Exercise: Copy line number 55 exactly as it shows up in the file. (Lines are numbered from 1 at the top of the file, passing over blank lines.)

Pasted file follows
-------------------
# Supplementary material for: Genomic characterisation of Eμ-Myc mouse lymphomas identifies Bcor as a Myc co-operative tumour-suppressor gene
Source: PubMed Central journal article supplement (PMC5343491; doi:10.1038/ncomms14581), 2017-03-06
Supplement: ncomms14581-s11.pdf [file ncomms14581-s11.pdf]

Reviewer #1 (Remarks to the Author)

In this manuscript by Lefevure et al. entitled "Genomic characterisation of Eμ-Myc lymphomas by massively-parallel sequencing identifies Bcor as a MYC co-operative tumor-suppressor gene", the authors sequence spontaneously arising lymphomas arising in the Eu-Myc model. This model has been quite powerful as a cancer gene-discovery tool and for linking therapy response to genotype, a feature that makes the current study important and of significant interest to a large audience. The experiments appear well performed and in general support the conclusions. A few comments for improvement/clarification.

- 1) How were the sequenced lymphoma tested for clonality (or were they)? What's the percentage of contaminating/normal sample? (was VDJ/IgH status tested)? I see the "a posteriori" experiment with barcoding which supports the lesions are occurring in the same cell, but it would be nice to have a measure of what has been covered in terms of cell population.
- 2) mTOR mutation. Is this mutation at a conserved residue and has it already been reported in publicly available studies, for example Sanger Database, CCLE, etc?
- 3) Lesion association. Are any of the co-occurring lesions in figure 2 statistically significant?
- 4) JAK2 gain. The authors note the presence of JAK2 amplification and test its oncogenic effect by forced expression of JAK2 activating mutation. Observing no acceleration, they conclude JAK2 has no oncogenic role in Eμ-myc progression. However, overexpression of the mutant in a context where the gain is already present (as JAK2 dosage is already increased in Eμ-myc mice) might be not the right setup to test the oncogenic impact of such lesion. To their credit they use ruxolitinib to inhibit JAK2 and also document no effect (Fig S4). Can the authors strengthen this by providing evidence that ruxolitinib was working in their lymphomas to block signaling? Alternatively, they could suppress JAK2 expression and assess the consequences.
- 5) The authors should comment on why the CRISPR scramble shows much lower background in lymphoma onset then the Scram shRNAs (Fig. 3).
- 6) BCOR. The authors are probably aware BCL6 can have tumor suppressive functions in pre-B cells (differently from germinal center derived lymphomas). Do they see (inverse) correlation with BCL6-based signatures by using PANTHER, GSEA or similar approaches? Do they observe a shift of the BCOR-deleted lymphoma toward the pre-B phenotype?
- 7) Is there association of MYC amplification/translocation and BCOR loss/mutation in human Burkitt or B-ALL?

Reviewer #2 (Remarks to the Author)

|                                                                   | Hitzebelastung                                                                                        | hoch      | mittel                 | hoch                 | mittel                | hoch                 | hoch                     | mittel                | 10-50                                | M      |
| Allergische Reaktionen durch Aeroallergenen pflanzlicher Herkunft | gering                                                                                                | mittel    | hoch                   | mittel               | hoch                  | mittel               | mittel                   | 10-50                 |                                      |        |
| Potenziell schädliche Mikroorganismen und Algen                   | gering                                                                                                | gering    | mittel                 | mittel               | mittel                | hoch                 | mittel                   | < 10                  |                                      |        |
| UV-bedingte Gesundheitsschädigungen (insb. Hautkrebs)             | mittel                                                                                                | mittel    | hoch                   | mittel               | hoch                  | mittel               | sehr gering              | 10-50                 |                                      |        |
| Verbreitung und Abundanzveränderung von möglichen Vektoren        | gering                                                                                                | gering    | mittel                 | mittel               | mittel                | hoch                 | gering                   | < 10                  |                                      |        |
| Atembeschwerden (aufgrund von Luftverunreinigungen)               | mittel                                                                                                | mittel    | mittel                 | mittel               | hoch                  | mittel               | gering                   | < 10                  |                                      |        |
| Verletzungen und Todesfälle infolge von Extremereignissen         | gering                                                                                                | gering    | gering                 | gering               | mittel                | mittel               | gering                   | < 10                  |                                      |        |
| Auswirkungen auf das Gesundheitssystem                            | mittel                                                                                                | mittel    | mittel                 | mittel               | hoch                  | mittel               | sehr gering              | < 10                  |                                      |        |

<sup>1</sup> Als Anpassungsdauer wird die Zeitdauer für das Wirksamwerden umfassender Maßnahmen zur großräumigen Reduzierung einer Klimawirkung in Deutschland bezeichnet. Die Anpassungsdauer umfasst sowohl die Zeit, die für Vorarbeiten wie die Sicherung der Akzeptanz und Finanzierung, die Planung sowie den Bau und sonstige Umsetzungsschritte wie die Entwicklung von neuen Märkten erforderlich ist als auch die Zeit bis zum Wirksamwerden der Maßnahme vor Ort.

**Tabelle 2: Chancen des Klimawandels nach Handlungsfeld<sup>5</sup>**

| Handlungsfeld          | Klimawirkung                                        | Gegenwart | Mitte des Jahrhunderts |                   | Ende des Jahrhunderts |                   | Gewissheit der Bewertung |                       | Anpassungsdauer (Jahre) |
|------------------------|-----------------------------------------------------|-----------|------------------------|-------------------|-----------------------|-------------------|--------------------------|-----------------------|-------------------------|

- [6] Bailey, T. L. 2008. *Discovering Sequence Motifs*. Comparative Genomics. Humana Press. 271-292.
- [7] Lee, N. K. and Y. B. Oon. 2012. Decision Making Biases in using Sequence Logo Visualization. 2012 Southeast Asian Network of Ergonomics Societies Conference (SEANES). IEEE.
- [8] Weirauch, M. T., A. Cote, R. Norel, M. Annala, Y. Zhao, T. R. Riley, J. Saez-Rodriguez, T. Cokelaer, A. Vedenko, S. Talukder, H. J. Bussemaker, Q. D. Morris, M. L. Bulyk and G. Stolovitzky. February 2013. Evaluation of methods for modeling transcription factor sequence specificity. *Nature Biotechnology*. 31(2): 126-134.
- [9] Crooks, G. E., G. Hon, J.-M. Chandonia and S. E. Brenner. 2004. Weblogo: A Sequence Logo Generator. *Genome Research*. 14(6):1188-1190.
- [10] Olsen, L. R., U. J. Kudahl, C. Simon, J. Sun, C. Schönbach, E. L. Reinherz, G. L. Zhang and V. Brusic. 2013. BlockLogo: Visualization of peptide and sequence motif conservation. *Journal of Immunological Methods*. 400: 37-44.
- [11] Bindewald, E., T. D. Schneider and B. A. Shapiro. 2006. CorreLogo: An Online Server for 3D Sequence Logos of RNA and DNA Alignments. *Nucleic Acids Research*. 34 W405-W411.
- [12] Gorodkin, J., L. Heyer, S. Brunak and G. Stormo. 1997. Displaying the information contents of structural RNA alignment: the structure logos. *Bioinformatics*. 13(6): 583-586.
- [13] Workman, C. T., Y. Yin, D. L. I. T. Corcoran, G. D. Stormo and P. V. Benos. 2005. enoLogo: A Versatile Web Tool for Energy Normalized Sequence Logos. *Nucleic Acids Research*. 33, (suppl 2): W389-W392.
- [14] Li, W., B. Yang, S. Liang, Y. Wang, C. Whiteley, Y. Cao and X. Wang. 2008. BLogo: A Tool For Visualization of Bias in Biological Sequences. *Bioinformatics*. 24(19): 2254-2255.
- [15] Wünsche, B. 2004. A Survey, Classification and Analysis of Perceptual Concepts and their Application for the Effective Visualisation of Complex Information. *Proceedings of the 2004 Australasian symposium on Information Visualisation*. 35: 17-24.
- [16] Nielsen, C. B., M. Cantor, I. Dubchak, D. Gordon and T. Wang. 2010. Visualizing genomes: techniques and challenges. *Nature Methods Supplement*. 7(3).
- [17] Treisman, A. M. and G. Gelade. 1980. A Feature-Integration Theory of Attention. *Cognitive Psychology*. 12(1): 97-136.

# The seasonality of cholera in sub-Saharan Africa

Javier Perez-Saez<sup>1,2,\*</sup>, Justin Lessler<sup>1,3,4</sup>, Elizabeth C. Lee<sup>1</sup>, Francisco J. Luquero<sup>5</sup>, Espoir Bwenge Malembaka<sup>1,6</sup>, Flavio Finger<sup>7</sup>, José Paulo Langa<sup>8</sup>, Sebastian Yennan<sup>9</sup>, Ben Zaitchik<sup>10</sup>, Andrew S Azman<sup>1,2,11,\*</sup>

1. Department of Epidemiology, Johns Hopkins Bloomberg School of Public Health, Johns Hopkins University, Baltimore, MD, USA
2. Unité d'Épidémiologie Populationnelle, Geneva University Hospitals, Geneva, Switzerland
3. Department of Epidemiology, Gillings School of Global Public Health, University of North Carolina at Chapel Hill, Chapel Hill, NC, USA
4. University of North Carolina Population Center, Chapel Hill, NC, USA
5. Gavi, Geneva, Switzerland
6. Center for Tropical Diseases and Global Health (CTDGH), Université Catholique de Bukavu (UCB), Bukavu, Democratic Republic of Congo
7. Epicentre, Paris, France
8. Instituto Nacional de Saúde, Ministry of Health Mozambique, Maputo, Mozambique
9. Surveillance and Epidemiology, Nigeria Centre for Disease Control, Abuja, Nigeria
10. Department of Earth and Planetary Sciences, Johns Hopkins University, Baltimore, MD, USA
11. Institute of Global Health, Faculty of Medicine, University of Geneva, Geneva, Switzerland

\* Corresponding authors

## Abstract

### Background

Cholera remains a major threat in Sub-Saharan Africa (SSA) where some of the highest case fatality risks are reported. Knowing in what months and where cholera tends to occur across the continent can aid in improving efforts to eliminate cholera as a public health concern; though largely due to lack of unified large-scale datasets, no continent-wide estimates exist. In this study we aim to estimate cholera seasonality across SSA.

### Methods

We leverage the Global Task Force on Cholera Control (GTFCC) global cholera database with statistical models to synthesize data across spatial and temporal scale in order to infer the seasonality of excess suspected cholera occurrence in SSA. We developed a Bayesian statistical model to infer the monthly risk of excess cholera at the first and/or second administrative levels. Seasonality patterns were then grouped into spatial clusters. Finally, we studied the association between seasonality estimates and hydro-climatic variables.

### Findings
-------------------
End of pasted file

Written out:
### Methods